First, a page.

Why one little word means so little

I rolled my eyes a bundle in seventh grade, especially at my English teacher. He sat in his rocking chair and spat off rules of grammar, he read books with us that had little significance in my daily life, and he was quick to catch us passing notes. But, 28 years later, I recognize the value of what he taught me. He taught me one of the most significant lessons in all of my schooling. It’s something I’ve held onto… something I use daily. He taught me not to use the word “nice.”On the first day of school, my English teacher announced "'nice' is not allowed in this classroom..." This teacher taught a life-lesson- the value of each word I use

The very first day of seventh grade, Mr. Bogdan outlawed the word “nice.” While I’m sure that my English teacher wasn’t single-handedly responsible for influencing the use of “awesome” and “cool” in this world, I’m fairly certain he influenced users to adapt the term more frequently in our zip code. Had this been two decades later, I’m sure “sweet” would have been outlawed as well.

In banning such a simple word, Mr. Bogdan created an opportunity for his students to think and speak outside our realm of comfort. It’s not that nice is a bad word, it’s that nice doesn’t mean anything. It’s not a compliment. It’s not an insult. It’s just… blah. And it doesn’t tell you anything.

“Why is someone nice? What makes him nice? Don’t tell me she looked “nice” at the party, tell me what she wore. Blegh. Nice.” I recall his big puffy cheeks waving as he shuddered each time he said the dreadful word.

We learned to substitute ”nice” for more descriptive words. We learned to identify what made someone nice, and we found that there were so many words better suited to describe someone or something.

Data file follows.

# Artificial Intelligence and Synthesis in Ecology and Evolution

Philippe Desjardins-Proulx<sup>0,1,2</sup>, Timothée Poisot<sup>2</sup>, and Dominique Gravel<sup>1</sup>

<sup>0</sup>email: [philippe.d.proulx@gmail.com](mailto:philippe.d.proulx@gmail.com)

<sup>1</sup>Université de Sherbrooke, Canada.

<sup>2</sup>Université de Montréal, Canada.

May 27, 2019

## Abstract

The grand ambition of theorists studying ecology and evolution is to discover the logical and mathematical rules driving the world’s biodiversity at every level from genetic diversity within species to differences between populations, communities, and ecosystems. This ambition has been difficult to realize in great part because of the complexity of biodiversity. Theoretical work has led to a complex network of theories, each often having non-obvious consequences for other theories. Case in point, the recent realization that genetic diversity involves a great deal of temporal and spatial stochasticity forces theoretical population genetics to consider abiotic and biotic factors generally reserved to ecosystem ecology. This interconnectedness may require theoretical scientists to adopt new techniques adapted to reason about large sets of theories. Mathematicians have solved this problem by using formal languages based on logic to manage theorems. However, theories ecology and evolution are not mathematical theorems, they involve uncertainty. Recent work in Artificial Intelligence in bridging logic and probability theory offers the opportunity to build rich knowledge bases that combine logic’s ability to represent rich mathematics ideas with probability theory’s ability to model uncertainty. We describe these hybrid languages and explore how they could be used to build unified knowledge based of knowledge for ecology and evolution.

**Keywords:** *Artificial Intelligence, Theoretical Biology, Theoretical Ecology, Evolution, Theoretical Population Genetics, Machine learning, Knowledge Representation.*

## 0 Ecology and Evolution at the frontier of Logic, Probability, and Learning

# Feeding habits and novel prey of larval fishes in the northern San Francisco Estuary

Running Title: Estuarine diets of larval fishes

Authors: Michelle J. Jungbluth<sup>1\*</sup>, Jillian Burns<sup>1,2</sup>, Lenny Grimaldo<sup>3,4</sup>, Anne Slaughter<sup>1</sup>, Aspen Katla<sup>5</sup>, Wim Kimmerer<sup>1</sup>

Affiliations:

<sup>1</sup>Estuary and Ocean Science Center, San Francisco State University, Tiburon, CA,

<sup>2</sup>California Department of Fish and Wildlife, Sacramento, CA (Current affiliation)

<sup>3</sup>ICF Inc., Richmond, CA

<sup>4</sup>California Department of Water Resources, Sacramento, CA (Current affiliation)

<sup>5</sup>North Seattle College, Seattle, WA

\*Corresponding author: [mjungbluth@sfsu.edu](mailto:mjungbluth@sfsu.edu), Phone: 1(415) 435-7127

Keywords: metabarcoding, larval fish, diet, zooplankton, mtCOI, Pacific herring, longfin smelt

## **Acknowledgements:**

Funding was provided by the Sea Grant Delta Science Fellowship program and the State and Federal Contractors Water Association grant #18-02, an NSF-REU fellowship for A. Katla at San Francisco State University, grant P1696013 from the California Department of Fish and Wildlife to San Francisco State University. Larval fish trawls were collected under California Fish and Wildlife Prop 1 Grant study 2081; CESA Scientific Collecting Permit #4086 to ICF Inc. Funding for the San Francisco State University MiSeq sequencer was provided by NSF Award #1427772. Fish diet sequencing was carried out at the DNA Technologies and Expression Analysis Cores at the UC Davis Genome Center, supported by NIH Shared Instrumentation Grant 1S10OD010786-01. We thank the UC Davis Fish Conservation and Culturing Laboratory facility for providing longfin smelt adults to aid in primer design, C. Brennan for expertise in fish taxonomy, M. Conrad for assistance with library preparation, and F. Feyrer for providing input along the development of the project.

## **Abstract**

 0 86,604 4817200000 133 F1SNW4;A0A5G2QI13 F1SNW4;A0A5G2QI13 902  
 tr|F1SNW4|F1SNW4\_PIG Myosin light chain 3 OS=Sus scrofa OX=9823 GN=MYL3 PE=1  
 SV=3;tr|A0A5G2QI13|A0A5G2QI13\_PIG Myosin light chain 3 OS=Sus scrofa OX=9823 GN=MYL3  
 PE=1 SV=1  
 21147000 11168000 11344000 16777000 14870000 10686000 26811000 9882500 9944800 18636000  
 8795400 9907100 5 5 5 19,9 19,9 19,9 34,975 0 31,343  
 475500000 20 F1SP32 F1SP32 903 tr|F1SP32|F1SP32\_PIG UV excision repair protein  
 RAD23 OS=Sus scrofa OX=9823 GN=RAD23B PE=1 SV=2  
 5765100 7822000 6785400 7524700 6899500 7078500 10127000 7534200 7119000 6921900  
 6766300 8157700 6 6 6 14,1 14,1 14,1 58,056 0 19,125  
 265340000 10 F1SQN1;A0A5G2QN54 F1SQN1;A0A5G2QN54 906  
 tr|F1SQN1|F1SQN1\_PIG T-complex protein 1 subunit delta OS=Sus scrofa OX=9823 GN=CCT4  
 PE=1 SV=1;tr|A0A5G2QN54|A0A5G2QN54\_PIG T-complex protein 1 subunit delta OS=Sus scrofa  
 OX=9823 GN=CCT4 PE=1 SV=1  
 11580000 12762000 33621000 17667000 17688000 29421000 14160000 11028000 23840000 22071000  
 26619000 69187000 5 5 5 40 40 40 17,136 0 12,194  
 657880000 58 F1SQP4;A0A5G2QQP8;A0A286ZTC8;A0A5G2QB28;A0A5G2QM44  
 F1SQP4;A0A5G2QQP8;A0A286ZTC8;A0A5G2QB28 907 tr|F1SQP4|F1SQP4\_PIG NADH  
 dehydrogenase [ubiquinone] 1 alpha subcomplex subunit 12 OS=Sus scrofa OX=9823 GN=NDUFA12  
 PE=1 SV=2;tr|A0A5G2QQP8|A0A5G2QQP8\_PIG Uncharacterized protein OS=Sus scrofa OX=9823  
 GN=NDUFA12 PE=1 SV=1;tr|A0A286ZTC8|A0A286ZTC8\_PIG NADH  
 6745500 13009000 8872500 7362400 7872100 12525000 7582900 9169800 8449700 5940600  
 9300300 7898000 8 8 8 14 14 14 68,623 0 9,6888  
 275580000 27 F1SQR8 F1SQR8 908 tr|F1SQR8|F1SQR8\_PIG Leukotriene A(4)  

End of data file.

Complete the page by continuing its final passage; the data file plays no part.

It wasn’t until seventh grade that I learned to place value in considering my word choice as I added details to things I said and wrote. And I realize I still do that today. When I help my kids with homework, I’ll stop them from describing a book character as “cool, super cool and awesome.” I’ll imagine Mr. Bogdan shuddering, once again, at words similar enough with no apparent meaning.

With my kids, I find myself asking Mr. Bogdan’s questions: What makes him super cool? Why is he awesome?

It wasn’t until I became a parent that I realized how influential Mr. Bogdan’s teachings had become in my life. Mr. Bogdan taught me to think, speak, and write beyond the easy words.

I hope all teachers leave their students with something so important.

mom of 3 and wife living in the Philadelphia suburbs, Julie is a former elementary school teacher and a Public Relations manager. She is the owner/editor of Julieverse, a merchandiser with Chloe + Isabel (jewelryverse.com) and founder VlogMom and Splash Creative Media. A marketing strategist and freelance education and parenting writer by trade, Julie attempts to carve out time to enjoy playing with her kids, PTO, cooking and exercise.

© 2015, Julie Meyers Pron. All rights reserved.


  1. says

    I love that you recognized the value of your teacher well after the fact. My 4th grade teacher was very much like that always telling me she couldn’t wait to read my first book. I never embraced my skills at writing until later in life and then her words came echoing back through my ears.

    • says

      Have you reached out to her, since, Fadra? I just joined an alumni group from my school district on Facebook and it’s amazing how many alums are now in contact with their former teachers, thanking them. Most teachers are retired or retiring and seem to love getting back in touch and really appreciate the thanks.

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